A recent book by Richard Bauckham (Jesus and the Eyewitnesses) describes Marcan usage of something he calls the “plural to singular narrative device” (Bauckham 156-157). He defines the device using syntactic terminology: “a plural verb … without an explicit subject is used to describe the movements of Jesus and his disciples, followed immediately by a singular verb or pronoun referring to Jesus alone” (Bauckham 156-157). Using this device, Bauckham posits Mark’s usage of Peter’s eyewitness testimony as underlying source for 21 different movements of Jesus (e.g. Mk 1.21).
Bauckham’s exploration of this narrative device is limited to the synoptic gospels. But does the device occur elsewhere? This paper argues that if such a thing as the plural-to-singular narrative device exists, then Ac 18.19 should be considered an additional Lucan instance of the device.



Thursday, Nov. 15, 11:10-11:40 AM
Sunset
Michael S. Heiser
The Professor and Mariamne: The Textual and Statistical Justification for Marooning James Tabor’s “Jesus Tomb Theory” on Gullible’s Island
(This session is part of the Near East Archaeological Society’s general session)
On March 4, 2007 the Discovery Channel aired a documentary touting the discovery of the “Lost Tomb of Jesus.” Negative responses quickly followed from all quarters of academia, across the theological spectrum. There has been one notable exception among biblical scholars, Dr. James Tabor, Professor and Chair of the Department of Religious Studies at the University of North Carolina at Charlotte. Despite the fact that popular interest in the Jesus Family Tomb has declined steadily in the wake of the overwhelmingly unfavorable response, Tabor has defended the film’s thesis. The reason is straightforward: an identification of the Talpiot tomb as the Jesus Family Tomb would lend support to Tabor’s own theory about the historical Jesus. This paper overviews and evaluates Tabor’s ongoing arguments for a Jesus family tomb in support of his own larger thesis about the historical Jesus.



Thursday, Nov. 15, 3:00-3:40 PM
Royal Palm Salon Two
Steven Runge
Teaching them what NOT to Do: The Nuances of Negation in the Greek New Testament
Most descriptions of negation are primarily concerned with highlighting the distinctions between ου and μη. Little attention is given to variation in the syntax of negation constructions. The biblical writers frequently used negation to describe what did not happen as a means of adding emphasis to what did happen. Emphasis can also be assigned by emphasizing a specific component of a clause rather than the entire negated clause. The purpose of this paper is to describe and illustrate the basic patterns observed in the Greek NT. Based on this description, representative examples will be presented that demonstrate the exegetical payoff of careful attention to negation.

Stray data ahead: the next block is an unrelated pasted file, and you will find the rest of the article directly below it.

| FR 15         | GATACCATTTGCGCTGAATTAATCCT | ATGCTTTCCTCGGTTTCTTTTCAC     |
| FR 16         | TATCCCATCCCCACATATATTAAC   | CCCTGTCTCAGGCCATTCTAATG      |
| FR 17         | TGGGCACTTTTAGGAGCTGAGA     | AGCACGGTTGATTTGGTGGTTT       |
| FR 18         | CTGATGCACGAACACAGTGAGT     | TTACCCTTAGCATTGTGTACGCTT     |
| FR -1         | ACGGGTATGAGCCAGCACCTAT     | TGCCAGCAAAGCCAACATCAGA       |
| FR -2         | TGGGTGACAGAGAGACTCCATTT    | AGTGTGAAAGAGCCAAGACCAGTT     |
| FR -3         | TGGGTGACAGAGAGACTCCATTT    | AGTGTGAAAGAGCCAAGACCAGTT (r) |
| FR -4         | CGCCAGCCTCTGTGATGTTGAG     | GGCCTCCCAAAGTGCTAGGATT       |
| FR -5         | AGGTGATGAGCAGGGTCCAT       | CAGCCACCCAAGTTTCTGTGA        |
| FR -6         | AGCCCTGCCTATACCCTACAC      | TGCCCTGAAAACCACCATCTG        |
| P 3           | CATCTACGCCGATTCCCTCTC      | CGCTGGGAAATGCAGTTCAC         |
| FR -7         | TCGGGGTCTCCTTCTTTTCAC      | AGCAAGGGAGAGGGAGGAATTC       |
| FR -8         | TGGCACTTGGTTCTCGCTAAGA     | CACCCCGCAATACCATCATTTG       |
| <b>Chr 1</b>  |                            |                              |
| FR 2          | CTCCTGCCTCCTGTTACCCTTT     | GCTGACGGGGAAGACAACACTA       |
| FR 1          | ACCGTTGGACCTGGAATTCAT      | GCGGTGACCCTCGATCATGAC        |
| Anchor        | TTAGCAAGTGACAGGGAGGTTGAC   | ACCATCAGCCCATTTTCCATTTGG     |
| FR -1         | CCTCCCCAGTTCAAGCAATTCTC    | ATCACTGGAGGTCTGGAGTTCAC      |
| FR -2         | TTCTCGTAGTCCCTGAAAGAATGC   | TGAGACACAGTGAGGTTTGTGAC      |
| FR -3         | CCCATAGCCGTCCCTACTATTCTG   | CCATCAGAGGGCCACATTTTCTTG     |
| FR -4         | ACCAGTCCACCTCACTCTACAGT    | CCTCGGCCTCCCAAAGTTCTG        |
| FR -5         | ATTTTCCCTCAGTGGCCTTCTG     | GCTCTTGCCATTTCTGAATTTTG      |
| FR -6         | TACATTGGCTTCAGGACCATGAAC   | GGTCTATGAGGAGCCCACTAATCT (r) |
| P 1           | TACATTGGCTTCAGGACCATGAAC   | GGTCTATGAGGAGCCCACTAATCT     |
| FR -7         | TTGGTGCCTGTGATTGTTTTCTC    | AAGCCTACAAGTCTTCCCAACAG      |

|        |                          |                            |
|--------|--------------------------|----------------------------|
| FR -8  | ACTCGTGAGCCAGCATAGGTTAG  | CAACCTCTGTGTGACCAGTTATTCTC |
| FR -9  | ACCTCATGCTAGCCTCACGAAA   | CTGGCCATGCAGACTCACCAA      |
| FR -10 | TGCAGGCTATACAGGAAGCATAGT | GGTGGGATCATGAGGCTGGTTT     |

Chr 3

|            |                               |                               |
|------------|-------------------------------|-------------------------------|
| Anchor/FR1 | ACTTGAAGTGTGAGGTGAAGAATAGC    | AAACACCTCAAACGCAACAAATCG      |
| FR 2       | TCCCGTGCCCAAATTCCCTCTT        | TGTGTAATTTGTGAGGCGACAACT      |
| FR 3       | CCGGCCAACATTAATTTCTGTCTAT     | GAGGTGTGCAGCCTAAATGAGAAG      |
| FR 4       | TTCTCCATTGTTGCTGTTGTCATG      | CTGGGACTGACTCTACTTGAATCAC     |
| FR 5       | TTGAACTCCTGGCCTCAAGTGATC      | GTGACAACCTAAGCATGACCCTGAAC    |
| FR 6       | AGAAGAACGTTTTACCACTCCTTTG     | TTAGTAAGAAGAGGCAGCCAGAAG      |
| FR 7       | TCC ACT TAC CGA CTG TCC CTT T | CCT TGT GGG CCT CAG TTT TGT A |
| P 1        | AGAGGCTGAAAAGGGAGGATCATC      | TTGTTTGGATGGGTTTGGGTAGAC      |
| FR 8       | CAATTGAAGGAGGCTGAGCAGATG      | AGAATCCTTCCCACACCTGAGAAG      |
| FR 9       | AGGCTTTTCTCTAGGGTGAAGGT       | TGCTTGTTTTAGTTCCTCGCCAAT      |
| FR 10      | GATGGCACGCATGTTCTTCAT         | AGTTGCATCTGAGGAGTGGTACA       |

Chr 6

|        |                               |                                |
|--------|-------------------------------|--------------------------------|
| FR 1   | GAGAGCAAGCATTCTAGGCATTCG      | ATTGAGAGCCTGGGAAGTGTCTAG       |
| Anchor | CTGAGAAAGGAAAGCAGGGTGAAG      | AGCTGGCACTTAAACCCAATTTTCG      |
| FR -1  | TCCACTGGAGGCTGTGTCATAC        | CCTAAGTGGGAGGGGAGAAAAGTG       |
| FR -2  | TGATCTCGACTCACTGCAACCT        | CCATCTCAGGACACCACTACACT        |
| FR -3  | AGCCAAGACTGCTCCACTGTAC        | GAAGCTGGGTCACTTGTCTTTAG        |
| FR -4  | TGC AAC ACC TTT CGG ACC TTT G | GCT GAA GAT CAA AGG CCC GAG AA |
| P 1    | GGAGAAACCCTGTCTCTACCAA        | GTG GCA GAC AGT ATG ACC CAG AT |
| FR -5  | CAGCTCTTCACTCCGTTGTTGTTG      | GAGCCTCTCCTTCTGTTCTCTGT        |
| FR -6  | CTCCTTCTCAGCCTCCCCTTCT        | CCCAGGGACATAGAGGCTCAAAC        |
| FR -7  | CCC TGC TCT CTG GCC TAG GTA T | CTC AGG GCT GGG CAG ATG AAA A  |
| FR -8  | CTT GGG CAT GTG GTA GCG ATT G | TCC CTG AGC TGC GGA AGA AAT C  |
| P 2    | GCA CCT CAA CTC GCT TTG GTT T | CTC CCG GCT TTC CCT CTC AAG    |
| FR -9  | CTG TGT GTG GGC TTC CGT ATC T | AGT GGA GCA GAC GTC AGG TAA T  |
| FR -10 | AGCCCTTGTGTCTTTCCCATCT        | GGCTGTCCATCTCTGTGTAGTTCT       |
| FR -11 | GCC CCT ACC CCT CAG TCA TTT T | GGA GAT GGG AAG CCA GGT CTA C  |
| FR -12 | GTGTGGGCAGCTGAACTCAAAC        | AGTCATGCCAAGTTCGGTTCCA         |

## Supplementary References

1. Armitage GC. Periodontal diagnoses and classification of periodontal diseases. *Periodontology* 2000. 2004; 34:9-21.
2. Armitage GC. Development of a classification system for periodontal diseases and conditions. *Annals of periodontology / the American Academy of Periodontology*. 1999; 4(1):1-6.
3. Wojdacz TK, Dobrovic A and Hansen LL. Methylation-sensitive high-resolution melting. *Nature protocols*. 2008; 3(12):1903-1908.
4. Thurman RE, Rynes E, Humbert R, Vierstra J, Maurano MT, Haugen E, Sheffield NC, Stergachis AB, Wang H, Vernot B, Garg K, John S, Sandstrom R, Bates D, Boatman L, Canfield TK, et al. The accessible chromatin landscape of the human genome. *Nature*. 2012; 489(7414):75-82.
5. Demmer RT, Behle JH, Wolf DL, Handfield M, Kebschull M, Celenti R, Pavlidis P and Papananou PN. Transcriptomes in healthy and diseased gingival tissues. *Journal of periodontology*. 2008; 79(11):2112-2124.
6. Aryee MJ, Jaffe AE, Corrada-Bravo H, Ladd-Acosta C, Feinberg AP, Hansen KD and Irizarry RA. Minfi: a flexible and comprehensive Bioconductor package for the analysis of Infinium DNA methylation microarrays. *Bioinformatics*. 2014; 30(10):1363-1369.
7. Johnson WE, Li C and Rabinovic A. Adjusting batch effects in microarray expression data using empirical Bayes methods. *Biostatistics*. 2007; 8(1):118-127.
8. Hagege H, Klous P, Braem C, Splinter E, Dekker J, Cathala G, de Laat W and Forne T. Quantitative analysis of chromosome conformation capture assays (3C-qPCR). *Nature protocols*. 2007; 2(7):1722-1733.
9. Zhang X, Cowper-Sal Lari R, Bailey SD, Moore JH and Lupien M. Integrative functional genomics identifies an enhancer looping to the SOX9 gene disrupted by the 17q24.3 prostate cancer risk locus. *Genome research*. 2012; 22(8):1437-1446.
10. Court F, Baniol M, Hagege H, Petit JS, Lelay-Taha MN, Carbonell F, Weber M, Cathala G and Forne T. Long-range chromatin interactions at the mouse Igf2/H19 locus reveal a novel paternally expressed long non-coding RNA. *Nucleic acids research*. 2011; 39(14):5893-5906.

Friday, Nov. 16, 11:30 AM -12:10 PM
Royal Palm Salon Five
Michael S. Heiser
Did Jesus Allow for Reincarnation? Assessing the Syntax of John 9:3-4
In a 2003 article in the scholarly journal Filología Neotestamentaria entitled, “The True Meaning of Jn 9:3-4,” J. D. M. Derrett raised the possibility that Jn 9:3-4 (the man blind from birth) could plausibly be construed as evidence that Jesus was not opposed to the idea of reincarnation. Derrett argued that the disciples’ question about why the man was born blind suggests that the disciples were prepared to accept that the man had sinned in the womb or in a previous life. According to Derrett a specific syntactical structure (the “relative negative”— ου/μη [or any negative particle] . . . αλλα, followed by ινα) in Jesus’ response does not denote a categorical denial of the idea. This paper tests this assertion by means of Logos’ implementation of the OpenText.org syntactically-tagged database.

Logos at the Society of Biblical Literature National Conference

If you will be attending the SBL national conference in San Diego next week, you might be interested in some of these additional sessions that Logos is sponsoring. You’ll see new stuff we’ve been working on (like the Qumran Biblical Dead Sea Scrolls Database and the Semitic Inscriptions) and you’ll be able to associate some faces with names!
If you’re not able to make these additional meetings but will be at the AAR/SBL meetings, please do at least drop by the booth and say “hello” to us!